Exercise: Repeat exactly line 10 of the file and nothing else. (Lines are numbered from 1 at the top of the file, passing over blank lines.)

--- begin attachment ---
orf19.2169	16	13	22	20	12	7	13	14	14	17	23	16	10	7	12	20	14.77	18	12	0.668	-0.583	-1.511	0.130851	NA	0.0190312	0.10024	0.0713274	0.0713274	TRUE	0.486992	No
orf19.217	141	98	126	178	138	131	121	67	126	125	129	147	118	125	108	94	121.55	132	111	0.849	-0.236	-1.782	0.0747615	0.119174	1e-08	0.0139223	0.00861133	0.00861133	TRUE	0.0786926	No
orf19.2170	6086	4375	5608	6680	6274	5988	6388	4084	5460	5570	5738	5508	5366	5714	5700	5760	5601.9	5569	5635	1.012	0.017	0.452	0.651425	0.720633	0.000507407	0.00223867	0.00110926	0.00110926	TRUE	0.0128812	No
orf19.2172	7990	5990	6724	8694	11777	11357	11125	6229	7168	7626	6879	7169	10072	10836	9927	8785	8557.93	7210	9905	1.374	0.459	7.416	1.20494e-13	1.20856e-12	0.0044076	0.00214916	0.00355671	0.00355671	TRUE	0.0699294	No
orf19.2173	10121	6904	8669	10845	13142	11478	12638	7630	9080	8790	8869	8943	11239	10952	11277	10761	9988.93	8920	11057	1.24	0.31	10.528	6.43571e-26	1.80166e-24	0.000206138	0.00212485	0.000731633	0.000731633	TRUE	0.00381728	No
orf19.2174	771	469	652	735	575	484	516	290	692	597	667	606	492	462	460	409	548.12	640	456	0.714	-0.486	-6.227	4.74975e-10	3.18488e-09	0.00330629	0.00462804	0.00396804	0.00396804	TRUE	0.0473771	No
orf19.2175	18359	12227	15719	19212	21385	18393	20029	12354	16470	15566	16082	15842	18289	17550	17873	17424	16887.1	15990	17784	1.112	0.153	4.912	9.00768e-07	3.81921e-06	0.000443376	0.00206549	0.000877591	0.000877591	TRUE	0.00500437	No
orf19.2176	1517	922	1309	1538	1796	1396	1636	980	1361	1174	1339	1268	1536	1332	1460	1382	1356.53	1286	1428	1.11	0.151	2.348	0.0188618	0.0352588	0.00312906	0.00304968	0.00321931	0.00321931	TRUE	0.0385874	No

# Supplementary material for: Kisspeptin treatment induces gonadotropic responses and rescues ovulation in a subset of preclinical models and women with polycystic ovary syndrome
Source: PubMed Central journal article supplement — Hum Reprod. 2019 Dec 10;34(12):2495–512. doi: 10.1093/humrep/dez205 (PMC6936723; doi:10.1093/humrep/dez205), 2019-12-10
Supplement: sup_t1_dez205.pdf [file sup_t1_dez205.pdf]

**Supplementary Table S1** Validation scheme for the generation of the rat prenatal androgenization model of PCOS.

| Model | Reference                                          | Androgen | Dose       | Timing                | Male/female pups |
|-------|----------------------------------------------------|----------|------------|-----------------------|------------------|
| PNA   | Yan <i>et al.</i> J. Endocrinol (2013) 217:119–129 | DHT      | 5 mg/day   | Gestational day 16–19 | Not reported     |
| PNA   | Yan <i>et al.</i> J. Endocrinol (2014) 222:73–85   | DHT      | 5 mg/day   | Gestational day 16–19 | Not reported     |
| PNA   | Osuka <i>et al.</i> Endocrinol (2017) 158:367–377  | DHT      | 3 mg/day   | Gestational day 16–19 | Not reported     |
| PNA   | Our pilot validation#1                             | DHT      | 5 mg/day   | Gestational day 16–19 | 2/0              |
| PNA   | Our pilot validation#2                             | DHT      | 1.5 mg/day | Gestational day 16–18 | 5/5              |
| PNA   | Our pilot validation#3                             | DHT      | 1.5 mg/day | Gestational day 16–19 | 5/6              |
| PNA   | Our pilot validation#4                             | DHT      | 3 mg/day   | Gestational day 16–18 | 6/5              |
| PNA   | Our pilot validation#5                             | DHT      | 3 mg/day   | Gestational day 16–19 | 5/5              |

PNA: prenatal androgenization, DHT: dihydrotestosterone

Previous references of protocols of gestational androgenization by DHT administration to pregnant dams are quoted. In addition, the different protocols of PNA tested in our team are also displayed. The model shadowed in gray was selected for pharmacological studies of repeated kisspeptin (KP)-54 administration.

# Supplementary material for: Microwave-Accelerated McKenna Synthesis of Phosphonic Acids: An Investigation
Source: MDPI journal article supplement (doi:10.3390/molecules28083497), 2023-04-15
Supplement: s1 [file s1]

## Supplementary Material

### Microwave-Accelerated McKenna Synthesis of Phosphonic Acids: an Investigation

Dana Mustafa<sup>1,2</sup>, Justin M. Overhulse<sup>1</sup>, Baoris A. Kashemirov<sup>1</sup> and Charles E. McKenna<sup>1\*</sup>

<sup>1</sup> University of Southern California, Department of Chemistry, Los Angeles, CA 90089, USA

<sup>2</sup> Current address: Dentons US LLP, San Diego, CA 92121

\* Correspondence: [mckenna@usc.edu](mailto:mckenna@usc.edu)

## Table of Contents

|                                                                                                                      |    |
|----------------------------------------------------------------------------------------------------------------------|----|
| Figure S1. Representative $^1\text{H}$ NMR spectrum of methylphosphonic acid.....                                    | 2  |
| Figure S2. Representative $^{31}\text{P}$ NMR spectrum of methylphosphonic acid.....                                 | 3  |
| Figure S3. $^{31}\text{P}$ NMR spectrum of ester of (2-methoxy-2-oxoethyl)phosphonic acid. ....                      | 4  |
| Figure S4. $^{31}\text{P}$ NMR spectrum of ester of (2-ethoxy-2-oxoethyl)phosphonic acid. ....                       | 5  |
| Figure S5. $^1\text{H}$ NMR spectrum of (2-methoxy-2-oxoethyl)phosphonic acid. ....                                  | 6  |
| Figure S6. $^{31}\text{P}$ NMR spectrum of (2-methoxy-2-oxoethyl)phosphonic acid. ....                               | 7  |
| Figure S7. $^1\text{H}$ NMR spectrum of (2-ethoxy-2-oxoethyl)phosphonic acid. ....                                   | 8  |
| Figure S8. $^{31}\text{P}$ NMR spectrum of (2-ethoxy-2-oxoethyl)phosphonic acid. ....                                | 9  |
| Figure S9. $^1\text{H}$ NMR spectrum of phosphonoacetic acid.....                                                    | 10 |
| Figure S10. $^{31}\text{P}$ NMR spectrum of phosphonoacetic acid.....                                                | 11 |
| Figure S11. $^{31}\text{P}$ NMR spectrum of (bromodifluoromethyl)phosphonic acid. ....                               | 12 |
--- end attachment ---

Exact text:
Source: PubMed Central journal article supplement — Hum Reprod. 2019 Dec 10;34(12):2495–512. doi: 10.1093/humrep/dez205 (PMC6936723; doi:10.1093/humrep/dez205), 2019-12-10